Pulverized coal fired combustion is a major contributor to global emissions of nitric oxide (NO). Release of NO into the atmosphere causes toxic NO, reduction of ozone, formation of smog, and reduced visibility. Computational fluid dynamic (CFD) modelling of NO emissions from pulverized coal fired boilers offers several benefits including optimisation of boiler operating conditions to minimize NO emissions and development of low NO technology.
Formation of NO within a pulverized coal fired boiler is a complex process, yet simple mechanisms are used to approximate the formation process. CFD modelling of NO formation requires prediction of the
1. nitrogen release rate from coal during devolatilization and char combustion,
2. possibly the type of nitrogen compound released during devolatilization and char combustion,
3. gas phase conversion of nitrogen compounds to NO (including possible NO reduction mechanisms),
4. contributions of thermal and prompt NO, and
5. conversion of char nitrogen to NO.
This thesis assessed currently used models for processes 1-5 for accuracy and reliability in simple systems and CFD modelling. Models for processes 1-5 were improved, if required.
CFD models currently assume the rate of nitrogen release equals a times the carbon release rate, where α equals 1. Laboratory and utility boiler measurements showed that α varies between 0.8 and 1.2. The sensitivity of α to NO emissions should be tested in CFD models for a variety of cases. If NO emissions are sensitive to α, a value of 1.07 is recommended for utility boilers as estimated from utility boiler measurements.
The type of nitrogen compound released during devolatilization and char combustion may affect the reaction kinetics converting nitrogen compounds to NO. Previous laboratory measurements concluded that HCN and NH3 are the major nitrogen compounds released during devolatilization. The most likely compound released during char combustion is NO. The conversion of HCN and NH3 to NO was found to vary in fuel-rich conditions at temperatures between 1200 K and 2000 K. Therefore a NO prediction model should include conversion of HCN and NH3 to NO.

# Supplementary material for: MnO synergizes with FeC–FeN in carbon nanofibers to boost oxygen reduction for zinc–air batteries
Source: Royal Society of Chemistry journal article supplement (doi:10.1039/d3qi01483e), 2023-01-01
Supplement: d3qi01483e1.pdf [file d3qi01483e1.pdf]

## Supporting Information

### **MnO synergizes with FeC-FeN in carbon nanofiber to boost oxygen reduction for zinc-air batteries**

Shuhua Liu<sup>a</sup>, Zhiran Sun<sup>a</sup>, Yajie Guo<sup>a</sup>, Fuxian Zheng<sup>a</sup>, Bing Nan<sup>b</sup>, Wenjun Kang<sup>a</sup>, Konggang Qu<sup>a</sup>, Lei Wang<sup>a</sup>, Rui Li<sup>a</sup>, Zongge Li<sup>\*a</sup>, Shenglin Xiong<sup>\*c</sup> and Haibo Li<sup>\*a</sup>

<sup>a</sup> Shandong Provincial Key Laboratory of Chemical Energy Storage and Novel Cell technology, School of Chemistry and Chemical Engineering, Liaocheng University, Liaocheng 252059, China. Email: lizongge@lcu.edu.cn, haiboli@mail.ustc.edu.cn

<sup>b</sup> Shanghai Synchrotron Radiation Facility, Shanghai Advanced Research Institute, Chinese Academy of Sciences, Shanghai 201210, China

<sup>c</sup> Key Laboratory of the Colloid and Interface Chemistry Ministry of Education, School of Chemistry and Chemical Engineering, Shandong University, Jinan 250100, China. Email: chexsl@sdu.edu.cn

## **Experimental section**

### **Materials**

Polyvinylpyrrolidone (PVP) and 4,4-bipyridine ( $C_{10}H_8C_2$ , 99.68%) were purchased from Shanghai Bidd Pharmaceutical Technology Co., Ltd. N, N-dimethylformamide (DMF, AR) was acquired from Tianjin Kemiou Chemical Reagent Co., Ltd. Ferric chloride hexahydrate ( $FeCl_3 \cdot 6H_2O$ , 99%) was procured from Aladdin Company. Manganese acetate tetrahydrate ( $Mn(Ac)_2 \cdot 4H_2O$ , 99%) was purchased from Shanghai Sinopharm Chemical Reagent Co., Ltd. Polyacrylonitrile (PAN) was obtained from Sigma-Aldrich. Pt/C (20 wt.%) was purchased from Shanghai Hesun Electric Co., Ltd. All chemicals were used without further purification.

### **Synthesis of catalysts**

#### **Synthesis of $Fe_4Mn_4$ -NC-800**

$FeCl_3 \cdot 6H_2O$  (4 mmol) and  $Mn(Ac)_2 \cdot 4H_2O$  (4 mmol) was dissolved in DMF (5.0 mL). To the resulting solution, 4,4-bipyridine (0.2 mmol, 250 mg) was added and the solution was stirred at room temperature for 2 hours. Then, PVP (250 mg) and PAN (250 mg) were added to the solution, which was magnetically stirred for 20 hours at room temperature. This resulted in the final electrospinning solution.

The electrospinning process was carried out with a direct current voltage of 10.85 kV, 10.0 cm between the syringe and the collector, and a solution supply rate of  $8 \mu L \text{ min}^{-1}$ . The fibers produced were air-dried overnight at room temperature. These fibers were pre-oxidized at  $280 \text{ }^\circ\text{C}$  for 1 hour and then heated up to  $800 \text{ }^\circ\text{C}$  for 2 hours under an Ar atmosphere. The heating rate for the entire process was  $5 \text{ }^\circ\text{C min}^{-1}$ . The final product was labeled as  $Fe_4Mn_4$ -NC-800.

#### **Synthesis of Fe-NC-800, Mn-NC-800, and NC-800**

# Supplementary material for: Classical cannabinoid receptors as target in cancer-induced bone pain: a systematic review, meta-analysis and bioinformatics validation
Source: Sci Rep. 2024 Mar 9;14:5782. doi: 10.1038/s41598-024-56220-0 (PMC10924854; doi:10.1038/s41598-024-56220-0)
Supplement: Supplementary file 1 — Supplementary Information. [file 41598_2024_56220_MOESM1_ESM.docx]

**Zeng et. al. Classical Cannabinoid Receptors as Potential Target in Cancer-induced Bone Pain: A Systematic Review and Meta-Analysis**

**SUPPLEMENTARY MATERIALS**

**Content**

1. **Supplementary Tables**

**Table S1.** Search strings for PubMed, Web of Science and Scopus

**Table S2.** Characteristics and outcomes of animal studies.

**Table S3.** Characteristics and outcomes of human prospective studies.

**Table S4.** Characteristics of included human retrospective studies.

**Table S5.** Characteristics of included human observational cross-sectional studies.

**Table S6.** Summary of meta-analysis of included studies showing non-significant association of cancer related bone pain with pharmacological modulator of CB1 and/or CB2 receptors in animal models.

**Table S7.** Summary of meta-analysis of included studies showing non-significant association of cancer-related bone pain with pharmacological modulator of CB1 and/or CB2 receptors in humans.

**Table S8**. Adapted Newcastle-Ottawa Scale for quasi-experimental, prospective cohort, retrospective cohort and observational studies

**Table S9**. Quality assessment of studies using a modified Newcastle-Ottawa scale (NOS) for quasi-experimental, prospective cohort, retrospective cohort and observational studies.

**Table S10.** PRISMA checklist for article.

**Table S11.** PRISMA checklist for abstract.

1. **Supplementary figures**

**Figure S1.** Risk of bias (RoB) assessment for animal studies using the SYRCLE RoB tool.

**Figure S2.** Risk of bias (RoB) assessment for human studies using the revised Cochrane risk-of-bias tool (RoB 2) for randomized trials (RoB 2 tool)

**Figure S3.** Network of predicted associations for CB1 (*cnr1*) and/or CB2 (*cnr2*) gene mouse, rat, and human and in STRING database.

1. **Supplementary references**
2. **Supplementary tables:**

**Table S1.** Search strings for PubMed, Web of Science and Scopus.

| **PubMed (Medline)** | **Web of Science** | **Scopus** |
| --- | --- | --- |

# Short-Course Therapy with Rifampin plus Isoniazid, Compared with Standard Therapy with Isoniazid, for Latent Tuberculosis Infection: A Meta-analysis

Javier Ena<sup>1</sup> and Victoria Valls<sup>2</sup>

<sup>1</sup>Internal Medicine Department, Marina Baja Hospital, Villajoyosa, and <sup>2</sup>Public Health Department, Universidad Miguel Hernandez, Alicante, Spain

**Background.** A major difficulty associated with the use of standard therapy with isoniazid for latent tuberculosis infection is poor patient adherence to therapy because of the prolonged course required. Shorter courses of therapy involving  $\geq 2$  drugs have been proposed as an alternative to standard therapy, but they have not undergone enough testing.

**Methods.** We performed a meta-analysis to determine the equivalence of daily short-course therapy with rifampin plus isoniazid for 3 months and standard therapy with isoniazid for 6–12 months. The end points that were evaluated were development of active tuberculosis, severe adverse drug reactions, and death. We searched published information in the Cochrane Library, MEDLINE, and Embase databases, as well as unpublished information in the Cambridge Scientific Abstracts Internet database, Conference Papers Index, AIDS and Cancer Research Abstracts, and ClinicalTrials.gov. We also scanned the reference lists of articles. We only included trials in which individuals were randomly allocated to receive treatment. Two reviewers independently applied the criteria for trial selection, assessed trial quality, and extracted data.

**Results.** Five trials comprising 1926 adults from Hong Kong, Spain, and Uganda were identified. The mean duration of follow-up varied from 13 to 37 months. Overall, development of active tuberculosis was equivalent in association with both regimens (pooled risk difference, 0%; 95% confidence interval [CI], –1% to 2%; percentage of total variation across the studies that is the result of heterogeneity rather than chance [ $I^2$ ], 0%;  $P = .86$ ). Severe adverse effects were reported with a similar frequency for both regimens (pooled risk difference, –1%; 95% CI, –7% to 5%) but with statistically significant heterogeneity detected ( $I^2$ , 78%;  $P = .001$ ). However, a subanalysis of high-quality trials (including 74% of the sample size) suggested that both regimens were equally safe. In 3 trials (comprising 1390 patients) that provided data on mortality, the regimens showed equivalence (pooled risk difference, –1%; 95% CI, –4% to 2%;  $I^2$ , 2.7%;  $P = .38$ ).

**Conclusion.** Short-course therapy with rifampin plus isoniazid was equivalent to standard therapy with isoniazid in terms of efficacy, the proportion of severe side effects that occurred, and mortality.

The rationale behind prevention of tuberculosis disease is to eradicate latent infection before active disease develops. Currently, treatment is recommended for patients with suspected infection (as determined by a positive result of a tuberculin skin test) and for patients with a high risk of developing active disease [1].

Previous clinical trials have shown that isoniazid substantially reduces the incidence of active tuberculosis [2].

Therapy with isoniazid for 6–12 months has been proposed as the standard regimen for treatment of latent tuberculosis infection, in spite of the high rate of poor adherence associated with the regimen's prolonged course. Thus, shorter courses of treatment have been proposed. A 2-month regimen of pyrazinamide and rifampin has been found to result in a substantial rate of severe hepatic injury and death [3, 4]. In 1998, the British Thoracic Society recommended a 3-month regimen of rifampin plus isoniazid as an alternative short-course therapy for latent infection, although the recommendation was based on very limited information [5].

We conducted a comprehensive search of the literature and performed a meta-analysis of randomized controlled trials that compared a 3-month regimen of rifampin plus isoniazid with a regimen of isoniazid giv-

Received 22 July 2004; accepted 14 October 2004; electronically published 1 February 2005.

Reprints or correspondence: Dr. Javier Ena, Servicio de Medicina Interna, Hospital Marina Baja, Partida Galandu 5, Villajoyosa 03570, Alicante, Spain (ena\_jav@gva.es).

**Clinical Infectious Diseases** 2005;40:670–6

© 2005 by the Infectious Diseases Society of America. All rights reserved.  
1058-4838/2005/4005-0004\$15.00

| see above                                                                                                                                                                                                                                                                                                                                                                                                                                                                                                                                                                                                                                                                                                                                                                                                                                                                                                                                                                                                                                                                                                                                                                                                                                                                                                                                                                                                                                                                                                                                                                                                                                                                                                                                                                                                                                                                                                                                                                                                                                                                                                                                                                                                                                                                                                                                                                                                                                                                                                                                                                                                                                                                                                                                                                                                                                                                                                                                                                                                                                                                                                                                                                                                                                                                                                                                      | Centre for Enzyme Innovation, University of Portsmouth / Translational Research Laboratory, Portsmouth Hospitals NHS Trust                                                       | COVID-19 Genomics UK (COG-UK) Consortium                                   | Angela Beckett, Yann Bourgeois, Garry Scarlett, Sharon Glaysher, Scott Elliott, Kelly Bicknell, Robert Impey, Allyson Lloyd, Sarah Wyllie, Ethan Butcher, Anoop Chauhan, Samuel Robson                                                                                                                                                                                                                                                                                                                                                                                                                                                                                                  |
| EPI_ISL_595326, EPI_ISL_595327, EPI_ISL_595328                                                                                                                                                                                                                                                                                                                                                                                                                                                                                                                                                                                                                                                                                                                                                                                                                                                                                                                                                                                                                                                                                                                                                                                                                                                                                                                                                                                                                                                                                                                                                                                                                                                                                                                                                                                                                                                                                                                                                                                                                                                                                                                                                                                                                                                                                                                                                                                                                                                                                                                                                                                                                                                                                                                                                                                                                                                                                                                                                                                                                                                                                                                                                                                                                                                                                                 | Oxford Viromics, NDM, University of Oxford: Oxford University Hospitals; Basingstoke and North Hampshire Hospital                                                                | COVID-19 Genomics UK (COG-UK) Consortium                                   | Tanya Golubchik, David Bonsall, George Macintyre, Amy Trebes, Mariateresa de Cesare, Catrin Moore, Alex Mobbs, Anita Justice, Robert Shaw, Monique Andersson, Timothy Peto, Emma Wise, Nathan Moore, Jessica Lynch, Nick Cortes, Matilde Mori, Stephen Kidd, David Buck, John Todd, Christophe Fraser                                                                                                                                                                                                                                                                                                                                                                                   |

Currently used global kinetic mechanisms were found to inadequately predict NO formation. Commonly used thermal NO mechanisms significantly over-predict NO formation at temperatures greater than 2200 K and long residence times. This trend is not critical in coal-fired systems because maximum temperatures are less than 2000 K. The de Soete mechanism is commonly used to predict the conversion of HCN to NO. This mechanism was found to under-predict NO formation at temperatures less than 1700 K. The de Soete mechanism was adjusted to improve predictions at low temperatures. An investigation into the use of reduced reaction mechanisms found it was not theoretically possible to reduce a comprehensive reaction mechanism to the extent it could be incorporated into a CFD model, and solve within the same simulation time as a CFD model using global kinetics.
An empirical equation was developed that fits the profile of NO formation and HCN destruction. The equations fit NO and HCN profiles across a wide range of conditions. Values of NO and HCN at conditions other than the simulated ones are calculated by interpolation. This mechanism offers an alternative approach to prediction of NO formation by global kinetic mechanisms.
Currently available char nitrogen to NO equations are simple, and do not consider parameters such as char size, temperature and char surface area. Empirical equations were developed to calculate the conversion of char nitrogen to NO given the char size, temperature, O2 concentration, NO concentration, char surface area and intrinsic reactivity.
The accuracy and reliability of NO predictions determined by CFD models was assessed by comparison of model predictions and utility boiler measurements. CFD models were assessed by four criteria including how accurately NO emissions were predicted, how accurately NO profiles and profiles of species important to NO formation within the burner region were predicted, how accurately temperature and O2 concentrations were predicted and how accurately the model predicted trends in NO emissions as combustion conditions changed. The CFD model investigated, Furnace, could not satisfy the set criteria and therefore modelling results should be interpreted carefully.